There is an eternal debate amongst writers: whether to write “what one knows” or to reach out beyond one’s factual bank to craft a story. From my conversation with Hazel Woods about her recently released debut novel This is How I’d Love You, it’s clear that she sits on the latter bench.
Ms. Woods, a New Mexico based writer with an MFA in writing from Columbia University, is a good-humored, humble author who draws inspiration from images rather than feelings. For This Is How I’d Love you, an ambitious love-lorn saga set at the outbreak of World War I, Woods drew inspiration not from her high-spirited protagonist Hensley or her lover Charles, but rather from a single image: that of a chess set, mid-game, assembled in a living room, surrounded by no one.
You see, before the invention of the internet, where chess matches can take place over thousands of miles seamlessly and instantly and even against computers, many people played chess through snail mail correspondence, waiting up to two weeks between single moves. Woods was fascinated by this archaic practice, especially when she learned that her own great-grandfather was an avid player. And from this, the story of Charles, a young soldier away at war and locked in a chess-by-post game with the father of a young woman, was born. Woods says she was fascinated by this “different kind of entertainment” where one could be “satisfied without any immediacy” in entertainment. Talk about a throwback.
She then took to the library for some research about the people who would become Charles and Hensley. Woods describes the research phase as one of the most difficult parts of the writing process because it becomes easy to over-research, leaping from fact to fact endlessly and letting the impersonal tidbits get in the way of creative storytelling. But she trudged through, enthralled by the subject matter.
But Woods isn’t only interested in tales of historical romance. In fact, she is a great admirer of the short story for an author’s ability to “really develop a character with economy” and of books in general, though it wasn’t until high school that she considered writing as a career. Growing up as an avid reader-not-writer and self-processed bookworm, she read books of all shapes and sizes with abandon, not fully realizing that books were creations of the human mind. This illumination, she says, was akin to opening a box of fine European chocolates and asking “does someone actually make that?” for the first time and then diving in to do the same.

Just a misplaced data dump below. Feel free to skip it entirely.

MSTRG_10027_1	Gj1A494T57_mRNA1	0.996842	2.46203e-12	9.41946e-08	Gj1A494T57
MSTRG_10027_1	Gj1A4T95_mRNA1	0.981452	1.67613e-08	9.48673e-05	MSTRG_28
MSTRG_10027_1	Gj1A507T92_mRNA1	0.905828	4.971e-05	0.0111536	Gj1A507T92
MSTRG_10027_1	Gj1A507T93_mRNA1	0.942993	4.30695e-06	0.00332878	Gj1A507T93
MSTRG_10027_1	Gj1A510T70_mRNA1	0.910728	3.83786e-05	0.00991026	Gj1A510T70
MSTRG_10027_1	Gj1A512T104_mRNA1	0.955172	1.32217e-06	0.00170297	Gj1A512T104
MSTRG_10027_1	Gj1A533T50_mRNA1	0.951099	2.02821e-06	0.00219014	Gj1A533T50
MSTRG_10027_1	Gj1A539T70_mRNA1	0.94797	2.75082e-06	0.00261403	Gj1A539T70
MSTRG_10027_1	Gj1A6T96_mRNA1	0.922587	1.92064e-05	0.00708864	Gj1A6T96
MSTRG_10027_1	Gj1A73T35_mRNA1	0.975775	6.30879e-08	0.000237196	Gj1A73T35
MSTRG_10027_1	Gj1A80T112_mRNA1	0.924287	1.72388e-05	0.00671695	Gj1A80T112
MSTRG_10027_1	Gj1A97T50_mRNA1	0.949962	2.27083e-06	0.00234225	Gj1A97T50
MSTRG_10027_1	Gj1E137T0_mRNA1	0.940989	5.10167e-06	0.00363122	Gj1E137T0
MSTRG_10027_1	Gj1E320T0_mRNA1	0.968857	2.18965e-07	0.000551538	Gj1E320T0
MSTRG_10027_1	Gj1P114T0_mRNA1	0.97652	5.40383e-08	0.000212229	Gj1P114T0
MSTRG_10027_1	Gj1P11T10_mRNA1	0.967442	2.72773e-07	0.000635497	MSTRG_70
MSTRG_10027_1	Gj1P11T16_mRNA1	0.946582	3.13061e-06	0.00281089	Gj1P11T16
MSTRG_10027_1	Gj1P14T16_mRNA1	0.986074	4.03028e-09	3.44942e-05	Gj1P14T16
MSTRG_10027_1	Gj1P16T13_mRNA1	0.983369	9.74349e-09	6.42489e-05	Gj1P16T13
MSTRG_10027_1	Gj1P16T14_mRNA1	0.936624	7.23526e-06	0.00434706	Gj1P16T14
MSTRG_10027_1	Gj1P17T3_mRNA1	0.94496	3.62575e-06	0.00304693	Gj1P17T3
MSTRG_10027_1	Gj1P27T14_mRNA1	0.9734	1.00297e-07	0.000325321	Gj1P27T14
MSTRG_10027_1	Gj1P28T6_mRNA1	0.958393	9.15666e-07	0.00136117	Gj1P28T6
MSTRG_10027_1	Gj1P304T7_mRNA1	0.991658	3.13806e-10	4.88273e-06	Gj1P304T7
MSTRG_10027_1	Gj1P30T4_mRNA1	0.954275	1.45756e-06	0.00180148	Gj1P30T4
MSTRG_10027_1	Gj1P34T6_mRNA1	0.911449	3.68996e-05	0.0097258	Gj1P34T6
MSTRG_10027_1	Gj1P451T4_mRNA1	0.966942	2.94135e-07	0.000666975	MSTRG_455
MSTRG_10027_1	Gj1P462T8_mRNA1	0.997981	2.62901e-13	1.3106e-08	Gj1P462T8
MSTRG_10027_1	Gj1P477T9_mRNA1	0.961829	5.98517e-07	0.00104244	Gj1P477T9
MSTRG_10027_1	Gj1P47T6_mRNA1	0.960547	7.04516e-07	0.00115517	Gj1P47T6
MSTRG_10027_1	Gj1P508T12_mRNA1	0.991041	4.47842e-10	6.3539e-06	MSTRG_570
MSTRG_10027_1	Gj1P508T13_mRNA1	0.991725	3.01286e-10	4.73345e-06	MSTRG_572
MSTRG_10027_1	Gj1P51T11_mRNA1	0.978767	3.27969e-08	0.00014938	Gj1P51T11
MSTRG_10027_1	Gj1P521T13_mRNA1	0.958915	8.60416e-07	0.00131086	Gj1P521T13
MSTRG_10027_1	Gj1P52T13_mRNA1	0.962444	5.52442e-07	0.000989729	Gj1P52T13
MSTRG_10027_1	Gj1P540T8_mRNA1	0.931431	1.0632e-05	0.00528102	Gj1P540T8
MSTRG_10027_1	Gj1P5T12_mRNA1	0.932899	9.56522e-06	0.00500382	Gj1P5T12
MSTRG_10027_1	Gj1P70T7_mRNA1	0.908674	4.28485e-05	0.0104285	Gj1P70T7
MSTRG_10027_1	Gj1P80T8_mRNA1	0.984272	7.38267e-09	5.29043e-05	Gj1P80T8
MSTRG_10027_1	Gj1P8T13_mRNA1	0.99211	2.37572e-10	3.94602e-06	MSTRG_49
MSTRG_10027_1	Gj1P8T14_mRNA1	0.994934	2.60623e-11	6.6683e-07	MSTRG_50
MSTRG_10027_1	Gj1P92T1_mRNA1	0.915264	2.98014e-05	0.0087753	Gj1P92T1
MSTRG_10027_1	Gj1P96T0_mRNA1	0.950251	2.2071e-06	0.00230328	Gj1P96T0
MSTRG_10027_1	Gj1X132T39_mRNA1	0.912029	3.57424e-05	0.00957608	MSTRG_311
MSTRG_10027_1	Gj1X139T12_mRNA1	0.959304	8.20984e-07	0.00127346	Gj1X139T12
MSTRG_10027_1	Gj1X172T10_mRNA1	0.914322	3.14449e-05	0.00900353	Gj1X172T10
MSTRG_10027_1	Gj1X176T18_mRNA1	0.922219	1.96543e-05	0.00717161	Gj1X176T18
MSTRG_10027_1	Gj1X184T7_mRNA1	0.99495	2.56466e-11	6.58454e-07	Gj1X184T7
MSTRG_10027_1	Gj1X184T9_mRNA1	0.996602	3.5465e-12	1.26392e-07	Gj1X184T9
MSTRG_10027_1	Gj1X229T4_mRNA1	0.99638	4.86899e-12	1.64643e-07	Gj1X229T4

Now, many years later, Woods lives with her husband and two nearly-teenaged kids in New Mexico. Amid this hectic lifestyle, she sets incentives and timelines to make sure that words get on the page every day, even if it means sitting in a local library, laptop open, fingers not pressing the keys, thoughts going a mile a minute. She is openly self-conscious about how much of her process is not what’s going on the page, but rather what’s going on in her mind. “It’s just, so much about writing is not active,” she says, betraying a little embarrassment.
And yet, with the timely release of her first novel, right around the centennial anniversary of the start of the so called “War to end all wars,” perhaps these apprehensions can be put to rest. Readers will assuredly flock to their nearest bookseller to grab ahold of this meaty story and experience a certain shade of empathy for a time they’ve never lived. So, dear readers, buy yourself a box of fine European chocolates, a copy of This Is How I’d Love You, and as you read ask yourself “did someone actually make that?” about one or both.
This is How I’d Love You is now available nationwide. More info at: http://www.hazelwoodsauthor.com/
By Nicole Horowitz
Nicole Horowitz is a fourth year undergraduate at New York University, studying theater, film, counter-culture, and all things writing. As a So-Cal native, she enjoys movies and sunshine, especially during long New York winters. She hopes to move back post-grad, and to become a writer in the entertainment industry (or something of the sort).